Attorney General Eric Holder reassured about a dozen family members of those killed in the Sept. 11 attacks that the Department of Justice is vigorously investigating allegations that employees of News Corp. may have hacked into phones used by victims and/or their family members.
"(Holder's) words with regard to the allegations, he said they were 'very disturbing,' and that it is a priority for him and the DOJ," said Norman Siegel, the New York-based attorney who accompanied the group to Washington on Wednesday.
But Siegel made clear that he has no evidence that any News Corp. employees hacked any American's phone in connection with 9/11. Nor did Holder or Assistant FBI Director Kevin Perkins, who heads the Bureau's Criminal Investigative Division and was present for the session, provide such evidence.
One of the 9/11 family members who attended the meeting, and who spoke to Fox News on condition of anonymity, said the federal officials provided next to no details on the status of the probe during the 75-minute session. This individual said Holder described the probe as a "preliminary investigation," but that the attorney general added that this does not mean the investigation is at the beginning stages.
Holder told the group government lawyers believe three sections of the U.S. criminal code may have been violated -- but otherwise gave them no information on how many people are working on the case; whether there are any suspects, or have been any arrests; or whether a grand jury has been empaneled.
"We didn't get the specificity that we would have liked, but did not realistically expect," Siegel told reporters afterward. "We are not accusing anyone of wrongdoing at this point. Hopefully the allegation turns out to be not true."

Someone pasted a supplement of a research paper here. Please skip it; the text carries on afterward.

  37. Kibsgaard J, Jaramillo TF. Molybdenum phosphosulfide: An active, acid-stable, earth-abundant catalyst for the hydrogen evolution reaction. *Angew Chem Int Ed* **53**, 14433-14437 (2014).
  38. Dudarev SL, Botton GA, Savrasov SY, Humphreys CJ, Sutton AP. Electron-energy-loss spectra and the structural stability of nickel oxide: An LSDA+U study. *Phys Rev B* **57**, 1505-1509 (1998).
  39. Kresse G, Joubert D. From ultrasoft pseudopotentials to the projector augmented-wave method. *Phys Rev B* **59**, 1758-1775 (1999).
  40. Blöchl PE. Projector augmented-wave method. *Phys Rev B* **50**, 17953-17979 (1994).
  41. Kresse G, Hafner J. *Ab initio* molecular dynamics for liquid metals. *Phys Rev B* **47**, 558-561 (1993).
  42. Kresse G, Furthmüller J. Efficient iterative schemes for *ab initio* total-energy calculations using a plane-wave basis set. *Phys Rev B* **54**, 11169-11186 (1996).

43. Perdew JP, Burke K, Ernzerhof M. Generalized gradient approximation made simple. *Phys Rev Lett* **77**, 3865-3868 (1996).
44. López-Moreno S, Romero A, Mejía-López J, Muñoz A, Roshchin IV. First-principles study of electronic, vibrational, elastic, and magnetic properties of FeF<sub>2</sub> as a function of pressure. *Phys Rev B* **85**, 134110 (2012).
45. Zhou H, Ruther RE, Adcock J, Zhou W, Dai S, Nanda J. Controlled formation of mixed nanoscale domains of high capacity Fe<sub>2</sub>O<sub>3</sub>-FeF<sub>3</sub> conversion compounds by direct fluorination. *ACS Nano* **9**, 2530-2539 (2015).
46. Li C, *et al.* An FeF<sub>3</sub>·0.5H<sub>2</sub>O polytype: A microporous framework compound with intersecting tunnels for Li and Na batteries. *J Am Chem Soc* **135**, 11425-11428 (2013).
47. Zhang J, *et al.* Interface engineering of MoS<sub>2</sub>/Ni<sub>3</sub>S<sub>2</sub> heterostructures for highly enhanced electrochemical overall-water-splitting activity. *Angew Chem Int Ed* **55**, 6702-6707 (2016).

To assist the ongoing probe, Siegel said the family members will provide old cell phone numbers used by their loved ones, as well as computer data, to the Justice Department. In turn, Siegel said, he expects government lawyers to contact cell phone carriers like Verizon and AT & T to seek evidence of potential hacking.
News Corp. is the parent company of the Fox News Channel and the FoxNews.com website.
Siegel had earlier told reporters that "one" 9/11 family member has expressed concern about about the publication of "certain personal information about their son that potentially only could have been ascertained through some hacking."
Jim Riches, a retired New York Fire Department deputy chief whose firefighter son, Jimmy, was killed in the attacks on the World Trade Center, did not identify himself as the individual Siegel was referring to. But Riches, standing alongside Siegel, told reporters: "I received many phone calls after 9/11 concerning body parts and my son...These are things that people don't realize that 9/11 families had to go through. And I would hate to know that people were listening in on these personal phone calls."
Holder agreed earlier this month to meet with the 9/11 family members, after allegations surfaced in the British media suggesting that News Corp. employees violated the privacy of 9/11 victims and/or their family members. The allegations formed only the latest twist in a burgeoning scandal that has already seen the closure of the 168-year-old News of the World, the resignations and arrests of multiple News Corp. executives, editors, and reporters, and the death of a key whistleblower, in which authorities ruled out foul play.
The affair has also damaged the reputation of Scotland Yard, amid allegations that British police officers routinely accepted bribes from News Corp. personnel to facilitate the hacking of phones belonging to celebrities, murder victims, and others. News Corp. founder and chairman Rupert Murdoch and his son James, a top News Corp. executive, have both appeared before official inquests conducted by the British parliament, where they denied personal knowledge of the wrongdoing but pledged to redress it.